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The UK has a debt problem

The UK has a debt problem

And it won’t be easy to fix

Long stories short

  • UK house prices dropped for the third month in a row.
  • Japanese workers saw their pay rise at the fastest rate in 28 years.
  • Six more women claimed that Crispin Odey sexually assaulted or harassed them.

Index jinxed

On Tuesday the chief executive of the UK’s water utilities regulator told the House of Lords investors were “concerned” about whether the heavily indebted Thames Water could be rescued. 

So what? David Black deserves a prize for understatement, if not regulatory brilliance. Thames Water is not alone. Having let the inflationary genie out of the bottle and sent interest rates after it, the UK is sitting on mountains of debt it will find hard to service. To stretch the metaphor there are

  • foothills of debt in households facing higher mortgage and consumer credit costs;
  • uplands of debt in companies, utilities, local authorities and universities having to restructure loans acquired during a decade of cheap money; and
  • an Everest of debt on the Treasury’s balance sheet, groaning under the weight of the UK’s outlier strategy, since the 1980s, of linking up to a quarter of government bond yields to inflation.

That 25 per cent compares with 8 in the US and less than 5 in Germany. It was meant to encourage policymakers and the Bank of England to keep inflation low. Last year they failed and consequently UK public net debt service costs for the 12 months to May totalled £109 billion, equivalent to 68 per cent of the NHS budget.

More numbers

£15 billion – extra debt service cost to UK exchequer for every percentage point interest rate increase

4 million – owner-occupier mortgage-holders the Bank of England expects to be exposed to rate rises this year

12 – percentage decline in London mortgage-holders’ average disposable income as a result

6.7 – equivalent figure for the North, Midlands and south-west

75 – percentage share of average wage-earners already struggling with unaffordable debts, according to Hargreaves Lansdown’s savings and resilience barometer

More debt

Utilities. Thames Water’s £14 billion debt pile – acquired mainly by its former Australian owner Macquarie – is exceptional in that for now it’s the only privatised water company unable to persuade investors to keep it afloat. But ten others are over-leveraged according to the regulator’s rules and the sector as a whole is carrying debts of £65 billion, half of which are inflation-linked…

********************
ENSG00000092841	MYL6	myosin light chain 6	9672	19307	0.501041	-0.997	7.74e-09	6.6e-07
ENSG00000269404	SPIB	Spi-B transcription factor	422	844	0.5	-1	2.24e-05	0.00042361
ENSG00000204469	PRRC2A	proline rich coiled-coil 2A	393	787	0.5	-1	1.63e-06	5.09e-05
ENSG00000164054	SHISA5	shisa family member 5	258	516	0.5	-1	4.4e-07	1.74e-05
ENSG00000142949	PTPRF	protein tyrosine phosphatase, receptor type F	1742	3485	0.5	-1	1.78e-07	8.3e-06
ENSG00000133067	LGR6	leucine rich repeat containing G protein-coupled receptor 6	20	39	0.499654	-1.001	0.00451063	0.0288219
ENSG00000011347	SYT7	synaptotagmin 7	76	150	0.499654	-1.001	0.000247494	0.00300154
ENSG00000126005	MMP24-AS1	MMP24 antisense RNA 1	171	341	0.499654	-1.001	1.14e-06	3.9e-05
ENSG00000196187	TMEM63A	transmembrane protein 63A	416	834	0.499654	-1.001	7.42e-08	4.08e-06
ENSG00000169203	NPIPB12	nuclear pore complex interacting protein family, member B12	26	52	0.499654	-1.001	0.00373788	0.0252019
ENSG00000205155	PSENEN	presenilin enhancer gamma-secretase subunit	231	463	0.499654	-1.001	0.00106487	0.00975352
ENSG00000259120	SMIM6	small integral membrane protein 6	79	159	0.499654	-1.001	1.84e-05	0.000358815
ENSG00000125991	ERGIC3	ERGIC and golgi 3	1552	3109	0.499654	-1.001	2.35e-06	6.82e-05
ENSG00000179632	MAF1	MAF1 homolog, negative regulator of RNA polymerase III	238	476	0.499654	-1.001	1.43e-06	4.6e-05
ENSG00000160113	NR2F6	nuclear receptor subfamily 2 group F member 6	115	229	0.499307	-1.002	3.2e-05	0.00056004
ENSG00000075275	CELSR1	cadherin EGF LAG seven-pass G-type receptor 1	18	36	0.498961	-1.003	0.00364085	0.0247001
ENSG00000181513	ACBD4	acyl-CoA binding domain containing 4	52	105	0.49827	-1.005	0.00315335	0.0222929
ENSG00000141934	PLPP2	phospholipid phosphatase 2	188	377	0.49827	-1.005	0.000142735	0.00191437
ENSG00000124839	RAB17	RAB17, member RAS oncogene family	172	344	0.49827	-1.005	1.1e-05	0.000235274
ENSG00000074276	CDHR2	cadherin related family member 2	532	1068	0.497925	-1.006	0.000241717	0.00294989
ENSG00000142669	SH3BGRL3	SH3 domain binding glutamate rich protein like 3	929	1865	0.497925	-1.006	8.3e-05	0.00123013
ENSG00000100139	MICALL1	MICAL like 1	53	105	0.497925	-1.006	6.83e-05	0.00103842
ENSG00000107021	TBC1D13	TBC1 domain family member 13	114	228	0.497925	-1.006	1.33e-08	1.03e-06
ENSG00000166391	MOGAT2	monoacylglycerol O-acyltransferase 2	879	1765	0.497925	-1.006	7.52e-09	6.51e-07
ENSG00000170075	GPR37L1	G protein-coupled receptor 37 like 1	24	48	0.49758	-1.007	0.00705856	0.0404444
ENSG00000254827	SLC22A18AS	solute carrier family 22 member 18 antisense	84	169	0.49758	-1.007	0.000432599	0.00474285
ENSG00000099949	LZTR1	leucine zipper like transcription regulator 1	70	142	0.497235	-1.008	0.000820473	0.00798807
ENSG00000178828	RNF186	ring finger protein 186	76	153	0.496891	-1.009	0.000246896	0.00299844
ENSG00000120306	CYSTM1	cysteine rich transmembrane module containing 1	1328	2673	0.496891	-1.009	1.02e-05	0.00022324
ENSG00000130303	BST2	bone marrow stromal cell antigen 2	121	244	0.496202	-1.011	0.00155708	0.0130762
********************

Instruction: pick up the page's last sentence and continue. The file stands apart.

• limiting funds available for investment;
  • raising the risk of more sewage spills to add to the 300,000 recorded last year; and
  • driving up bills.

Corporates. In its latest financial stability report, the Bank of England warned that many UK companies were vulnerable to high leverage. That was last December. The Bank has since raised rates five times, from 3 to 5 per cent, adding tens of millions to interest bills for Aston Martin, Asda, Morrisons, Heathrow Airport Holdings, the AA and many others. None are in existential danger but all are hurting and will have to pass on pain to customers. Many are especially vulnerable to inflation because UK companies account for a third of all index-linked corporate bonds. 

Universities. They’re fighting unions’ pay demands, partly because they too are over-leveraged and few have Oxbridge-style endowments to tide them over. Among those most exposed to rising rates are Oxford Brookes (where borrowing relative to income is at 92 per cent), Cardiff (67), Bath (62) and Southampton (60).

Local authorities. Last month Woking joined Thurrock, Croydon and Slough on a list of councils to have run out of money because of bad investments and the rising price of debt. With core funding of £16 million, Woking built up debts of £2.6 billion and a deficit of £1.2 billion. Total borrowing by UK local authorities stands at £134 billion; the list is likely to get longer. 

Homeowners. As of the latest rate rise, the Institute for Fiscal Studies estimates that 60 per cent of UK mortgage-holders will be spending more than a fifth of their income on housing, up 36 per cent overnight. Average mortgage-holders’ monthly outlay on interest and capital went up by £150 in Northern Ireland, £390 in the south-east and £520 in London.

Next up? Schroders expects rates to peak later this year at 6.5 per cent. Board directors who’ve paid off their mortgages may want to

  • empathise with key staff aged 30-49 who haven’t; and
  • batten down the hatches. 

Yesterday the Treasury’s Debt Management Office sold £4 billion of two-year bonds at the highest yield in 16 years (5.668 per cent). That is well above the yield on longer-dated bonds. For wonks, the yield curve is inverted. For the rest of us, recession warning signs are flashing. 

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